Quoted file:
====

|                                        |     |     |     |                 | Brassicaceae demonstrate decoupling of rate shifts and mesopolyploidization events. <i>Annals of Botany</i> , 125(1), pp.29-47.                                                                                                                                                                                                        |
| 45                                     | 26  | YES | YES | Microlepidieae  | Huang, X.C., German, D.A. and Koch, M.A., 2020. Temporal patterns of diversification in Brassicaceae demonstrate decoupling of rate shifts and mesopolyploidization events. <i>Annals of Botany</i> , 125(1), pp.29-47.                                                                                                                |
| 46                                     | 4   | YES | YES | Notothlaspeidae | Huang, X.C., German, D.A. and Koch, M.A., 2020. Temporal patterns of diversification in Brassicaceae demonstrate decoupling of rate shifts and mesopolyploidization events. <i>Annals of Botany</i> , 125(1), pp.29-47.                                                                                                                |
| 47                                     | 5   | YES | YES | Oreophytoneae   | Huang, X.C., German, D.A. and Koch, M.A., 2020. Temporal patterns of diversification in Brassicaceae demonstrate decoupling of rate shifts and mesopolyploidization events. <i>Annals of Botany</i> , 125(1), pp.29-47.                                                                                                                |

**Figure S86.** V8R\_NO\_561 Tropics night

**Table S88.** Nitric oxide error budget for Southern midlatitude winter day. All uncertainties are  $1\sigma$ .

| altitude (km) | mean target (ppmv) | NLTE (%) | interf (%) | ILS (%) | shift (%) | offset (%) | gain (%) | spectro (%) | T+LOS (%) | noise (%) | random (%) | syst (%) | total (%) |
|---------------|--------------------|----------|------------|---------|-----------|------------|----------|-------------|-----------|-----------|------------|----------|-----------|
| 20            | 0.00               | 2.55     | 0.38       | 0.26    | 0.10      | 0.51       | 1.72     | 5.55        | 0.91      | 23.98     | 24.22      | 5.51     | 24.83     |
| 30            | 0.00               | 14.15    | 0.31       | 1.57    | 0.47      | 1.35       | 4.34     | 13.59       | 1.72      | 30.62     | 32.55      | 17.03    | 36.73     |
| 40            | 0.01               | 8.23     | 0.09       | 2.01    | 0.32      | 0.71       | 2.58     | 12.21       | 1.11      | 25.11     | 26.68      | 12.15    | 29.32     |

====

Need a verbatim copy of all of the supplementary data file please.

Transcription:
|                                        |     |     |     |                 | Brassicaceae demonstrate decoupling of rate shifts and mesopolyploidization events. <i>Annals of Botany</i> , 125(1), pp.29-47.                                                                                                                                                                                                        |
| 45                                     | 26  | YES | YES | Microlepidieae  | Huang, X.C., German, D.A. and Koch, M.A., 2020. Temporal patterns of diversification in Brassicaceae demonstrate decoupling of rate shifts and mesopolyploidization events. <i>Annals of Botany</i> , 125(1), pp.29-47.                                                                                                                |
| 46                                     | 4   | YES | YES | Notothlaspeidae | Huang, X.C., German, D.A. and Koch, M.A., 2020. Temporal patterns of diversification in Brassicaceae demonstrate decoupling of rate shifts and mesopolyploidization events. <i>Annals of Botany</i> , 125(1), pp.29-47.                                                                                                                |
| 47                                     | 5   | YES | YES | Oreophytoneae   | Huang, X.C., German, D.A. and Koch, M.A., 2020. Temporal patterns of diversification in Brassicaceae demonstrate decoupling of rate shifts and mesopolyploidization events. <i>Annals of Botany</i> , 125(1), pp.29-47.                                                                                                                |

**Figure S86.** V8R\_NO\_561 Tropics night

**Table S88.** Nitric oxide error budget for Southern midlatitude winter day. All uncertainties are  $1\sigma$ .

| altitude (km) | mean target (ppmv) | NLTE (%) | interf (%) | ILS (%) | shift (%) | offset (%) | gain (%) | spectro (%) | T+LOS (%) | noise (%) | random (%) | syst (%) | total (%) |
|---------------|--------------------|----------|------------|---------|-----------|------------|----------|-------------|-----------|-----------|------------|----------|-----------|
| 20            | 0.00               | 2.55     | 0.38       | 0.26    | 0.10      | 0.51       | 1.72     | 5.55        | 0.91      | 23.98     | 24.22      | 5.51     | 24.83     |
| 30            | 0.00               | 14.15    | 0.31       | 1.57    | 0.47      | 1.35       | 4.34     | 13.59       | 1.72      | 30.62     | 32.55      | 17.03    | 36.73     |
| 40            | 0.01               | 8.23     | 0.09       | 2.01    | 0.32      | 0.71       | 2.58     | 12.21       | 1.11      | 25.11     | 26.68      | 12.15    | 29.32     |